China Drops Confucius Prize?
Image Credit: Ivan Walsh

China Drops Confucius Prize?

 
 

China has abandoned its own version of the Nobel Peace Prize after just one year. The Confucius Peace Prize was hurriedly put together last year just ahead of the Nobel ceremony in what was seen as a clear attempt to counter the publicity surrounding jailed activist Liu Xiaobo.

Liu, the eventual winner, was the clear favourite for the Nobel Prize, despite Beijing’s strong objections. He was detained in December 2008 for co-authoring a democratic manifesto called Charter 08, which listed a number of demands including freedom of association and freedom of religion.

Beijing lobbied hard against the prize being awarded to Liu, including a warning from China’s Deputy Foreign Minister Fu Ying to Norway that it would damage relations between the two countries if Liu was awarded the prize, despite the Norwegian government having no say in selecting the winner. When Liu was announced as the winner, Chinese TV channels covering the award ceremony went black, in what was seen as a clumsy effort at censorship.

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The official Xinhua News Agency quoted Chinese Foreign Ministry spokesman Ma Zhaoxu as saying in response that the Peace Prize should be awarded to people who make contributions on issues such as advancing disarmament or those who work toward national harmony.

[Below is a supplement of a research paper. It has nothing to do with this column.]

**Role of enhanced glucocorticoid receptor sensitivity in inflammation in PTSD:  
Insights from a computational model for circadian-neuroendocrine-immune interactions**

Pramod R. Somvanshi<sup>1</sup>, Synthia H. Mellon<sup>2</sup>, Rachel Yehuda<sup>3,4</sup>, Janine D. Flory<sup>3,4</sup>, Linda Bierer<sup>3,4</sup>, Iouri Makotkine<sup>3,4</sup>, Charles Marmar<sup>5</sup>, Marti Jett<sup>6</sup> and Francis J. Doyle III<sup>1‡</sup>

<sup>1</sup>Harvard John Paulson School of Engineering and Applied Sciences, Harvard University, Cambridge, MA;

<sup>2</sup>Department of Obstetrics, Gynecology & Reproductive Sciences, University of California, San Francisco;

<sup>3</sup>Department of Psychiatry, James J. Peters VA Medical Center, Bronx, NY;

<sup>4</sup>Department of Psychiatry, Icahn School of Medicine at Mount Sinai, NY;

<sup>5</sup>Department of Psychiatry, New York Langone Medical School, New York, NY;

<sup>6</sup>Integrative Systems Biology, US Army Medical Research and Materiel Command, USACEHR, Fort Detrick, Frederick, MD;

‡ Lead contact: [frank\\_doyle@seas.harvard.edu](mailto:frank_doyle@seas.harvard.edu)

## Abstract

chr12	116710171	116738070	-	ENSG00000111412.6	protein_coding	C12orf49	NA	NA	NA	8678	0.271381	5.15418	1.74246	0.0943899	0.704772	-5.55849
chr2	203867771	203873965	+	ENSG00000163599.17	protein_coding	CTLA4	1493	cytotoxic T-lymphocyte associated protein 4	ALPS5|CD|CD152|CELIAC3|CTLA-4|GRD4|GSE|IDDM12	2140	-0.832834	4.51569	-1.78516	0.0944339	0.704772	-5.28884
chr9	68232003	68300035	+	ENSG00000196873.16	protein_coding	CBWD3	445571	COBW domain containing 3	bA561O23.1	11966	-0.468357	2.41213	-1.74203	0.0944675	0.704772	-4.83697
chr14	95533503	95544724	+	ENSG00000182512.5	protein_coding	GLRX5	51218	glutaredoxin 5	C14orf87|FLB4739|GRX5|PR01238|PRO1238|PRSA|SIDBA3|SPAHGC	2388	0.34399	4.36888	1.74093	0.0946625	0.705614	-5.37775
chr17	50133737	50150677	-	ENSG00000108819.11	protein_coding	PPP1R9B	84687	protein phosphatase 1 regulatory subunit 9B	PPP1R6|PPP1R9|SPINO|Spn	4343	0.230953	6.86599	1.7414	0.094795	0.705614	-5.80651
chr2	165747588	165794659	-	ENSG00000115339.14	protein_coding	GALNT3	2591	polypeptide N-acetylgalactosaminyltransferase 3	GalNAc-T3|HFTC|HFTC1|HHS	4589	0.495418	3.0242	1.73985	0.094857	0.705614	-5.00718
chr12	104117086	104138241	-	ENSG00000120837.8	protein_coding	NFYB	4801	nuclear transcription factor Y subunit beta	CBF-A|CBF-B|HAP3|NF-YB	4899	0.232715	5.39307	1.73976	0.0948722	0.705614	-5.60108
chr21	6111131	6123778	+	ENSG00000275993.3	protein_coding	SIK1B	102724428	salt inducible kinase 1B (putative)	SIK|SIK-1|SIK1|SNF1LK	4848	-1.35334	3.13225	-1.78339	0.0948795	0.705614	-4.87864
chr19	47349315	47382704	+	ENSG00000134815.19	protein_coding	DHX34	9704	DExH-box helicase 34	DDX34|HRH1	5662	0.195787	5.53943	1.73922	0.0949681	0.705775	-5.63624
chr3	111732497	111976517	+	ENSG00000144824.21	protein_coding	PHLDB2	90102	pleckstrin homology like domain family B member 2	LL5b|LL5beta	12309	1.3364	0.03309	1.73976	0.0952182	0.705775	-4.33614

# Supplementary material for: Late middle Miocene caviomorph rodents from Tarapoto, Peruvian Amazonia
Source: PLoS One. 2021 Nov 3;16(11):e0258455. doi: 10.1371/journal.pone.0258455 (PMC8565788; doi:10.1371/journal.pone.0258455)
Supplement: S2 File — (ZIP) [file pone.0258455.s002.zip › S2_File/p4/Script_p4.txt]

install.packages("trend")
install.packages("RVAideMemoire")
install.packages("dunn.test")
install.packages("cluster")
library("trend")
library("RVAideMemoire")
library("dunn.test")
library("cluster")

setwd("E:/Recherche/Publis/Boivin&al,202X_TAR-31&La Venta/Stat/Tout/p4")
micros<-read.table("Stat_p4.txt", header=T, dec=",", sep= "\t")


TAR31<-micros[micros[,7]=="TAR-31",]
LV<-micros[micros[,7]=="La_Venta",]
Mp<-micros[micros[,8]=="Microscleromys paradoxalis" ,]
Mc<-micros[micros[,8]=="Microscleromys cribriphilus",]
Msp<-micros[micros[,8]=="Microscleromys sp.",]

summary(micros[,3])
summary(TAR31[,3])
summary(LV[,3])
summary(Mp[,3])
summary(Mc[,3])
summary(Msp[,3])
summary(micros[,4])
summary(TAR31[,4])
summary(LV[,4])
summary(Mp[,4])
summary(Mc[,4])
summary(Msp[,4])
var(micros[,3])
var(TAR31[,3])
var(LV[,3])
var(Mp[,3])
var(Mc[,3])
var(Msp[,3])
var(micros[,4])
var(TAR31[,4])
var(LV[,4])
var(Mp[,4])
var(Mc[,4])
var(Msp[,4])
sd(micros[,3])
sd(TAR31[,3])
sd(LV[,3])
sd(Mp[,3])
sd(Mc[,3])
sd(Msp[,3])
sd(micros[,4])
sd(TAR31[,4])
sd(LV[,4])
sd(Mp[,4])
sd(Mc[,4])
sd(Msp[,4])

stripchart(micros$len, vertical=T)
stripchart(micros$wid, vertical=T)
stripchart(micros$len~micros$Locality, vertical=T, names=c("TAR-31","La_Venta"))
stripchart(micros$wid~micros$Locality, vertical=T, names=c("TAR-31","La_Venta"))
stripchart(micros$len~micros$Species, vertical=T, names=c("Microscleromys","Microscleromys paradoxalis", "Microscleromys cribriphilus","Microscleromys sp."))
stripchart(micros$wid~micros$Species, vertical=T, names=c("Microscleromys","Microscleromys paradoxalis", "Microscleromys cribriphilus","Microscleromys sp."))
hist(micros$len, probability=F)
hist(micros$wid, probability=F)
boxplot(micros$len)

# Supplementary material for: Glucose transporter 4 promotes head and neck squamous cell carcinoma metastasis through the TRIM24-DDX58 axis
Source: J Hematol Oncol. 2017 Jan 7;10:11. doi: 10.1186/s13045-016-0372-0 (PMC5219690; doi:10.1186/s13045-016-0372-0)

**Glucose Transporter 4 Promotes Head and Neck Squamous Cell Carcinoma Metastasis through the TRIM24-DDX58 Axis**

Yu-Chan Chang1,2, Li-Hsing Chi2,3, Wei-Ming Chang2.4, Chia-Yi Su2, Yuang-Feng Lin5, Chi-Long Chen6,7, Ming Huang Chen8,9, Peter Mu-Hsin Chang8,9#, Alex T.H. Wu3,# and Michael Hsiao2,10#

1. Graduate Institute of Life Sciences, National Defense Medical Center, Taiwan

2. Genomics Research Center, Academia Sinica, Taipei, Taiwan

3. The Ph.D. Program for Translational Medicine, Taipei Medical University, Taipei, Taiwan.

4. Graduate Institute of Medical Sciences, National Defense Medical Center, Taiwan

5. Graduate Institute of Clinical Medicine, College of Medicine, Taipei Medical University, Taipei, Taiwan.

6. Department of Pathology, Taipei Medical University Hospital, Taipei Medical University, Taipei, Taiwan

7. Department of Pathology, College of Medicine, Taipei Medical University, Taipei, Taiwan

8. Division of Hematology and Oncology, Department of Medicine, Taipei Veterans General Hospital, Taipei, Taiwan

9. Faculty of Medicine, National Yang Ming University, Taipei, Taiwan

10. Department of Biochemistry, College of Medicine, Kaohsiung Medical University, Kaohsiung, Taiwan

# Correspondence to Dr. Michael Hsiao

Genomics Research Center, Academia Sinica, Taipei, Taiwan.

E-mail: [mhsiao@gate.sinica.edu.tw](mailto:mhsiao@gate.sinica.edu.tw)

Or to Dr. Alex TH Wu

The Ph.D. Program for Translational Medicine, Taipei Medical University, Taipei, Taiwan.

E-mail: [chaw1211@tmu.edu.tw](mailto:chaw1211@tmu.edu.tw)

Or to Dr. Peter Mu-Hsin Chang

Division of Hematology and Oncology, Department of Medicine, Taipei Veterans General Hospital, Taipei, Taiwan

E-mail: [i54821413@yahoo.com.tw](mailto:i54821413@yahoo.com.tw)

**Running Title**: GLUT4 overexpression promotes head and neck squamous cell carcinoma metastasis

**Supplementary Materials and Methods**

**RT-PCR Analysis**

‘The Nobel committee's decision to award such a person the peace prize ran contrary to and desecrated the prize,’ he said.

The alternative Confucius Prize was awarded the day before the Nobel Prize to KMT Honorary Chairman Lien Chan, who some reports suggested didn’t know he had even won the prize. A small girl received the prize on his behalf.

Perhaps not unsurprisingly given the chaotic nature of the award, Chinese officials were keen to distance themselves from the prize. This week, the Association of Chinese Local Art said the group’s cultural protection department, which had established the Confucius Prize last year, had ‘been disbanded and what would have been the second prize was cancelled,’ the Washington Post reported.

The Wall Street Journal reports that ‘the organizers apparently didn’t seek permission from China’s Ministry of Culture to offer the prize. According to one group affiliated with the prize, the Chinese Native Art Association, authorities revoked permission to offer it under the name of an officially sanctioned group.’

In an interview, the Wall Street Journal says Liu Haofeng, an artist and the Confucius award’s executive chairman, pledged that the award ‘would continue outside the auspices of the government and would be given out next year.’

And who might be considered for such a prize? According to a shortlist of candidates released by organizers a few weeks back, potential winners were Russian Prime Minister Vladimir Putin, South African President Jacob Zuma and Bill Gates.

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